October 27, 2015 // Uncategorized

Center for Ethics and Culture hosted discussions for the Synod on the Family

ROME — The three-week-long Synod of Bishops on the family, which formally closed with a Mass Sunday, Oct. 25, in Rome, brought 270 cardinals, archbishops and priests from around the world for what may have been the most significant and consequential such Church gathering since the Second Vatican Council half a century ago.

The University of Notre Dame was present at the synod, too, as its Center for Ethics and Culture joined Cardinal Timothy Dolan, archbishop of New York, in sponsoring three weekly evening receptions for the synod fathers, lay observers and media in the rooftop terrace garden of the Residenza Paolo VI Hotel overlooking St. Peter’s Square.

“We were honored that Cardinal Dolan asked the Center for Ethics and Culture to co-sponsor these receptions, for the purpose of allowing the synod fathers to meet in an informal setting, to form and deepen their friendships, and to promote an atmosphere of collegiality in their formal deliberations,” said O. Carter Snead, William P. and Hazel B. White director of the center and professor of law at Notre Dame. “We are proud that through our work, the University of Notre Dame had a positive and constructive presence at the synod.”

Cardinal Dolan performed as master of ceremonies for all three receptions, which were well-attended by synod participants and observers alike. On the evening of Oct. 6, Archbishop Diarmuid Martin of Dublin led a discussion in which he reminisced about the 1980 Synod on the Family in which he was a participant, and on Oct. 12, reception guests heard from Msgr. Livio Melina, president of the Pontifical John Paul II Institute for Studies on Marriage and the Family, and Bishop Jean Laffitte, secretary of the Pontifical Council on the Family.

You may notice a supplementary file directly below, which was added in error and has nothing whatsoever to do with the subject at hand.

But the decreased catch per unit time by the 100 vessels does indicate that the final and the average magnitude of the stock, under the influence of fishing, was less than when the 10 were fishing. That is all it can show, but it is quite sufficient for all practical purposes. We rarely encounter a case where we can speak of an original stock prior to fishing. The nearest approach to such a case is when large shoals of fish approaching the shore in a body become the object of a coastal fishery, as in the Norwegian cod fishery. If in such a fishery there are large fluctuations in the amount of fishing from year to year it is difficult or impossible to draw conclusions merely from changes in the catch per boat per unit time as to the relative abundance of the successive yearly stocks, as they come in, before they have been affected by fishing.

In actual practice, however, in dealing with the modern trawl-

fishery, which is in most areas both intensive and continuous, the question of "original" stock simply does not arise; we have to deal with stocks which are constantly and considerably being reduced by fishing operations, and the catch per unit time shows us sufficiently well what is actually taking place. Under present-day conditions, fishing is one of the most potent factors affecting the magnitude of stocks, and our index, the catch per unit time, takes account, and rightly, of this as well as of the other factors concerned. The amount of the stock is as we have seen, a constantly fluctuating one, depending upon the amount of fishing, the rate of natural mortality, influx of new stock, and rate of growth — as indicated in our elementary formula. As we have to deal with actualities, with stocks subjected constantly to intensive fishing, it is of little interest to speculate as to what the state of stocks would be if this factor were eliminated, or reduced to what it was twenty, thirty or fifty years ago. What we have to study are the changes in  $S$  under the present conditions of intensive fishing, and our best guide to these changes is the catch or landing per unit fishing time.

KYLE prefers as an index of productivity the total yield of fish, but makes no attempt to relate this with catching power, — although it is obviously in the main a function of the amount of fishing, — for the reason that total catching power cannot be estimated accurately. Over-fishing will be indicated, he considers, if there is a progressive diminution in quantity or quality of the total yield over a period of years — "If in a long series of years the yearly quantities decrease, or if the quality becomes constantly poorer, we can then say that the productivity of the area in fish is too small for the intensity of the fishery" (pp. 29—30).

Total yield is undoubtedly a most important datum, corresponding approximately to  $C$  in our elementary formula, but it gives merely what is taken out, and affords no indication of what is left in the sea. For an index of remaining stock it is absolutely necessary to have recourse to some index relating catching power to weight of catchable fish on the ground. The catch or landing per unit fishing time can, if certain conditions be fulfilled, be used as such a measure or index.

On Oct. 20, Cardinal Dolan invited Snead to address the reception on the recent U.S. Supreme Court decision, Obergefell vs. Hodges, which legalized same-sex marriage, and its implications for the work of the synod.

Acknowledging that the 69.4 million Catholics in the United States represent only 6 percent of the world’s Catholic population, Snead said that the decision was important for the synod “because the law generally, and U.S. Supreme Court decisions in particular, profoundly shapes the attitudes and judgments of the American people about fundamental human goods. And, for better or worse, once Americans develop a strongly held view on such matters, it is rapidly exported around the world.”

According to Snead, the Supreme Court decision’s “core animating premise is that the right to marriage is fundamental because it is essential to defining and expressing one’s identity. In other words, marriage is primarily a mechanism of self-expression.”

Snead said that a vision of marriage so “rooted in the ideology of radical expressive individualism” is deeply at odds with that of the Church, whose “vision of persons and our shared life together is one in which we are understood to be embodied souls (not mere wills), whose embodiment has meaning. We live not in isolation, but situated in relationships of solidarity and reciprocal indebtedness. Others have claims on us and we on them, whether we choose them or not. What is fundamental about persons is not that they can construct and pursue future-directed plans, but that they are made in the image and likeness of God, deserving of unconditional love and protection.”

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